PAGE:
There's no one else on Earth who's more familiar with the surveillance capabilities of governments, spy agencies and criminals who is also willing to discuss those capabilities. Edward Snowden's wide-ranging conversation with the Freedom of the Press Foundation's Micah Lee on operational security for normal people is a must-read for anyone who wants to be safe from identity thieves, stalkers, corrupt governments, police forces, and spy agencies.
Much of Snowden's advice takes the form of simple self-help measures (use Tor Browser for sensitive lookups: think about where you take your phone; encrypt your storage, calls and messages with the easy-to-use Signal; turn on two-factor authentication where it's available).
Some of it is more philosophical (ad-blocking is a good idea because dynamic ad-brokerages have bad security and are prone to serving malware).
But Snowden doesn't believe that the solution to surveillance and insecurity is self-help measures. As important as these are, we also need significant political and technological advancements to attain real security and privacy.
The part that really stuck out for me, though, was his discourse on privacy and sharing: just because you choose to share, it doesn't follow that you have no privacy, nor that your privacy is worthless.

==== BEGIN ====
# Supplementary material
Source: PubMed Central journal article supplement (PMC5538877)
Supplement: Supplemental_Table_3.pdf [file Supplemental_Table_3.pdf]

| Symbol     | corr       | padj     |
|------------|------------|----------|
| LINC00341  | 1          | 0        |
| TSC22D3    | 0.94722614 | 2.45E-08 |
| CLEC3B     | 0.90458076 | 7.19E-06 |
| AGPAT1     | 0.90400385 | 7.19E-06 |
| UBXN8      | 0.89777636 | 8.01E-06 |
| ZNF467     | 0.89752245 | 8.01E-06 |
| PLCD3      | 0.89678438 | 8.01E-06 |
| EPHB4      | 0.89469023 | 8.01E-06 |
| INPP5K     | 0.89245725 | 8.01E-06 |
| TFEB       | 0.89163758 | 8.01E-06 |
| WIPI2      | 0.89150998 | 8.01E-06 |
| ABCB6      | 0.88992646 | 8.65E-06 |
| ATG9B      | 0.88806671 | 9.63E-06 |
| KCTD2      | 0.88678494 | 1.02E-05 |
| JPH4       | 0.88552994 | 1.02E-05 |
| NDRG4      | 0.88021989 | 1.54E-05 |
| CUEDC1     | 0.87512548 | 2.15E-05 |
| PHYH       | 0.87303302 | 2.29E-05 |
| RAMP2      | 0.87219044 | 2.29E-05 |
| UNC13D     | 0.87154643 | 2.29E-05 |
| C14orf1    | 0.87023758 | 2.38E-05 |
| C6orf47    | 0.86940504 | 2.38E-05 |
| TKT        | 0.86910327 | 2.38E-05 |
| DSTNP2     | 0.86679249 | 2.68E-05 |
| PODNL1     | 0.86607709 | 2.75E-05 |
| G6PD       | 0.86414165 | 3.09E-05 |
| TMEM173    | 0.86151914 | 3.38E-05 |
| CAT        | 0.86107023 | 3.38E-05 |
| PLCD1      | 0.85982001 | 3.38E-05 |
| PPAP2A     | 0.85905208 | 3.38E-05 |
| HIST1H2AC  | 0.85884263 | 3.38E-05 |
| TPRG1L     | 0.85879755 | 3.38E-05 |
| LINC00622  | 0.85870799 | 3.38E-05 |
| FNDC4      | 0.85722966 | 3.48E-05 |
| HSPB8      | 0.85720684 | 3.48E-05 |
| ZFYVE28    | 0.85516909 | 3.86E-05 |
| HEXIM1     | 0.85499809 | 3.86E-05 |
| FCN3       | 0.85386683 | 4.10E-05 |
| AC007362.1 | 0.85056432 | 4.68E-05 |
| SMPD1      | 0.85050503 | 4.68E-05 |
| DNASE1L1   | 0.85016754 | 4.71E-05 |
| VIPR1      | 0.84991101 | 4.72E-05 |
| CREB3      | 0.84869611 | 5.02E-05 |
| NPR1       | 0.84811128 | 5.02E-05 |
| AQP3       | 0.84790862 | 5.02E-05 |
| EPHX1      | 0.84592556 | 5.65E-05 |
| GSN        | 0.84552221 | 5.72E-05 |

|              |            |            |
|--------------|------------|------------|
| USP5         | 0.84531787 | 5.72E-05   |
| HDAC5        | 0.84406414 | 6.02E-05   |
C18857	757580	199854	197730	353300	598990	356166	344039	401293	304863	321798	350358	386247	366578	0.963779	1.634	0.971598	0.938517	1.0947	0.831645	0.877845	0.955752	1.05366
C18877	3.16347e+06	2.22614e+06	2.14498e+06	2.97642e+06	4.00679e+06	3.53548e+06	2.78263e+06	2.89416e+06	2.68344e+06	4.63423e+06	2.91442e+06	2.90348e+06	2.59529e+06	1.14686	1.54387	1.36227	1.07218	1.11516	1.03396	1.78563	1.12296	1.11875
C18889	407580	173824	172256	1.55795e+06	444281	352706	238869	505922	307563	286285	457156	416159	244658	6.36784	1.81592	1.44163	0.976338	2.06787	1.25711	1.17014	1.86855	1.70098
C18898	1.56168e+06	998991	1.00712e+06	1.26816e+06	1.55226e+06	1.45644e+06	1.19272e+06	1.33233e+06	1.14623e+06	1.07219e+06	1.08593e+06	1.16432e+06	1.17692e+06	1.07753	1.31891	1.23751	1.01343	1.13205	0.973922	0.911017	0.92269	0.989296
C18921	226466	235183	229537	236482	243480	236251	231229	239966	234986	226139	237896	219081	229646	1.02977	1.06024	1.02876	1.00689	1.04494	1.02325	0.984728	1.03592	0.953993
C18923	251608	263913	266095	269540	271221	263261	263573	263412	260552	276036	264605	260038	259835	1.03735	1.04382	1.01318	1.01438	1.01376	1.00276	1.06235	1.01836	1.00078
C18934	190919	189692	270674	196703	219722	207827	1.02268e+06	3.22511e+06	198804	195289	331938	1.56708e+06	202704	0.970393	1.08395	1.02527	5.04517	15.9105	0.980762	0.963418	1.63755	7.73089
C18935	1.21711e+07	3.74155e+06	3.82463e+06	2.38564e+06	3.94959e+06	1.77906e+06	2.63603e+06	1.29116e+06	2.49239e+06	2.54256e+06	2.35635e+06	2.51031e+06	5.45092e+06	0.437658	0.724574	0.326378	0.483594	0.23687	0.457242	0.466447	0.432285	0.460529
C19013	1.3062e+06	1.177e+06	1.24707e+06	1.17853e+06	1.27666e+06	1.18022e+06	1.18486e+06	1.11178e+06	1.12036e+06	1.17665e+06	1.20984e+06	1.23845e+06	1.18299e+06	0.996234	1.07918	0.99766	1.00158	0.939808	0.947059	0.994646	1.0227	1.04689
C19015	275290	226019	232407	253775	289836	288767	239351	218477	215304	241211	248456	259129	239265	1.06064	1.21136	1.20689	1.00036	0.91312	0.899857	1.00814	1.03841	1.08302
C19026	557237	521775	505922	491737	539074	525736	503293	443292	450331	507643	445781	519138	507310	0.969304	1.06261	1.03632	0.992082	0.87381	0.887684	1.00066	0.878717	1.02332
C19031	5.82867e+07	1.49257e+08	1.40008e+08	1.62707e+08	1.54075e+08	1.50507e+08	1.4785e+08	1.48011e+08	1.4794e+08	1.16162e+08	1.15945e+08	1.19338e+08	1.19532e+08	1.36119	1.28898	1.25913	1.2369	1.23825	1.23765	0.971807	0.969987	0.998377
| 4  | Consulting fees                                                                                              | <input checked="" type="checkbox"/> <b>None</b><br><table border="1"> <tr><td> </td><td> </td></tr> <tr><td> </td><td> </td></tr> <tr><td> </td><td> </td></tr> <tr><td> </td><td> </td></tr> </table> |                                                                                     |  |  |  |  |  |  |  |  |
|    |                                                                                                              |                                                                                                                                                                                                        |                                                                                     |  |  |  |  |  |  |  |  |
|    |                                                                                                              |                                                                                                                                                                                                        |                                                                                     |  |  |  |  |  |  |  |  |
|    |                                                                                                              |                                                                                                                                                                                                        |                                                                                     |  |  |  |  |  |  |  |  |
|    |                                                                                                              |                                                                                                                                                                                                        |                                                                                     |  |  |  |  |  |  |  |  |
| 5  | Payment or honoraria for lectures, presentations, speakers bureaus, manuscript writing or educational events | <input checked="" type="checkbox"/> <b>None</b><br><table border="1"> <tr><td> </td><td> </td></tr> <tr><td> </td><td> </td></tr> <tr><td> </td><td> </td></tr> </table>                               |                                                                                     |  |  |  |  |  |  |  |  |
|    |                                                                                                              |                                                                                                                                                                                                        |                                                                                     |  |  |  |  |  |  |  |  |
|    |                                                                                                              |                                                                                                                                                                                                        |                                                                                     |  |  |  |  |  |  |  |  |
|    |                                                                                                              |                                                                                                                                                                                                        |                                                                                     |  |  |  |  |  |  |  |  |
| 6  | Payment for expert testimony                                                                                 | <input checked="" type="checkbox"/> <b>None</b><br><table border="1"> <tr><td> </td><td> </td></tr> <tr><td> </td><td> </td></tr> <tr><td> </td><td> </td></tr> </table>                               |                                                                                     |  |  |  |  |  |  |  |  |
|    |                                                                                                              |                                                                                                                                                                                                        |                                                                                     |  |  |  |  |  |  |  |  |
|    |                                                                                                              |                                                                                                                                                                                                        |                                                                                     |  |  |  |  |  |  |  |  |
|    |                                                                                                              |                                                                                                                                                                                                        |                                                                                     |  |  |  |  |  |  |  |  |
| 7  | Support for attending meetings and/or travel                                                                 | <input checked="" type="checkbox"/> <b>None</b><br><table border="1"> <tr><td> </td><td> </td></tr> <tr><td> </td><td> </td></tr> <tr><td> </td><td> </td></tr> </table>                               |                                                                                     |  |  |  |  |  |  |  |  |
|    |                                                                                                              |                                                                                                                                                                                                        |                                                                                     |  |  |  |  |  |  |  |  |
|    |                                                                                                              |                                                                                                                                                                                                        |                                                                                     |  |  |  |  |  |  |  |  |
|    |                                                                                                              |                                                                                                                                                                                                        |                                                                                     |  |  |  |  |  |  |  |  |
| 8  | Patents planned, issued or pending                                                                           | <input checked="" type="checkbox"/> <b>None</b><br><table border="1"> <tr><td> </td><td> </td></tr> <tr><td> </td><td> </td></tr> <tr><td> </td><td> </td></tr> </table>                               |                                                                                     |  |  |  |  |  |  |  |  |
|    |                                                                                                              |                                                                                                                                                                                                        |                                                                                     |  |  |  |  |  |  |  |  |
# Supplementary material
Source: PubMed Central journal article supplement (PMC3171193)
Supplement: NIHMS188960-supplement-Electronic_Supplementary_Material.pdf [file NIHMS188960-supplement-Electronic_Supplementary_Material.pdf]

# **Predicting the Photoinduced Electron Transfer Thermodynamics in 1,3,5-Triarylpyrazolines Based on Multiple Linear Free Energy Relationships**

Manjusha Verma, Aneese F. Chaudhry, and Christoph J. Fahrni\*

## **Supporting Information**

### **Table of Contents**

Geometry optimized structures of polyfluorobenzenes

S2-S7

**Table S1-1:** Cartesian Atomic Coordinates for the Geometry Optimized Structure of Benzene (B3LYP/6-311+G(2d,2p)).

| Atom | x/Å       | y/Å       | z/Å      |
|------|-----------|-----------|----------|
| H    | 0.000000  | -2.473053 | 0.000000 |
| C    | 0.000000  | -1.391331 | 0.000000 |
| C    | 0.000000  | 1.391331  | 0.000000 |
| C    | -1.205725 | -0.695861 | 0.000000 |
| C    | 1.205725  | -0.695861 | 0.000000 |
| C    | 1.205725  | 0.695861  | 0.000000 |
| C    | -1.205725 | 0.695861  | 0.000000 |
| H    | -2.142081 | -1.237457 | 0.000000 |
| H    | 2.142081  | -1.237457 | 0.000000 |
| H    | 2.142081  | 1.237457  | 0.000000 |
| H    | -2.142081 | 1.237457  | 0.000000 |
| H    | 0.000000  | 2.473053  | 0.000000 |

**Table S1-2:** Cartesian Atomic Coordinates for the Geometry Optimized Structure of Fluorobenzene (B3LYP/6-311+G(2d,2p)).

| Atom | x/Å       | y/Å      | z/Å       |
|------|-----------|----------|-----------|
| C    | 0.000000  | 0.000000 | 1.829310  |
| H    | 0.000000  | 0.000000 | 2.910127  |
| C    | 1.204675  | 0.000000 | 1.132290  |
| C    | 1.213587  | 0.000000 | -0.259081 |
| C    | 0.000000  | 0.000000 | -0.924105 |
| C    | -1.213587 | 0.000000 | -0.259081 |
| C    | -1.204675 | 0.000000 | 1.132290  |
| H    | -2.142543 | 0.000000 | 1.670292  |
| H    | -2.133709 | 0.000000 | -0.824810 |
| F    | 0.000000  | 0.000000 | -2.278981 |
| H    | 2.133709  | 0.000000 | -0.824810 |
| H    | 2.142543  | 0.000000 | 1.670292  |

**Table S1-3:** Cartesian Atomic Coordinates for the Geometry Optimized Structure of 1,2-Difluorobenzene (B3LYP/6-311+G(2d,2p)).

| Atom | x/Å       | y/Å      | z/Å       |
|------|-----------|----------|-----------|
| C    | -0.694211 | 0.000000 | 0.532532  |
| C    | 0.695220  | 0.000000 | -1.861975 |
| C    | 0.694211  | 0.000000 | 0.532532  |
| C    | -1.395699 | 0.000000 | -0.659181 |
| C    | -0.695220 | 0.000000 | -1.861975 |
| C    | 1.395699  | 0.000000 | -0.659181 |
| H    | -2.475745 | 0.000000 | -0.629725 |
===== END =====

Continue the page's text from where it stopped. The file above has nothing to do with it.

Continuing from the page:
Yes, that's selective sharing. Everybody doesn't need to know everything about us. Your friend doesn't need to know what pharmacy you go to. Facebook doesn't need to know your password security questions. You don't need to have your mother's maiden name on your Facebook page, if that's what you use for recovering your password on Gmail. The idea here is that sharing is OK, but it should always be voluntary. It should be thoughtful, it should be things that are mutually beneficial to people that you're sharing with, and these aren't things that are simply taken from you.
If you interact with the internet … the typical methods of communication today betray you silently, quietly, invisibly, at every click. At every page that you land on, information is being stolen. It's being collected, intercepted, analyzed, and stored by governments, foreign and domestic, and by companies. You can reduce this by taking a few key steps. Basic things. If information is being collected about you, make sure it's being done in a voluntary way.
EDWARD SNOWDEN EXPLAINS HOW TO RECLAIM YOUR PRIVACY
[Micah Lee/The Intercept]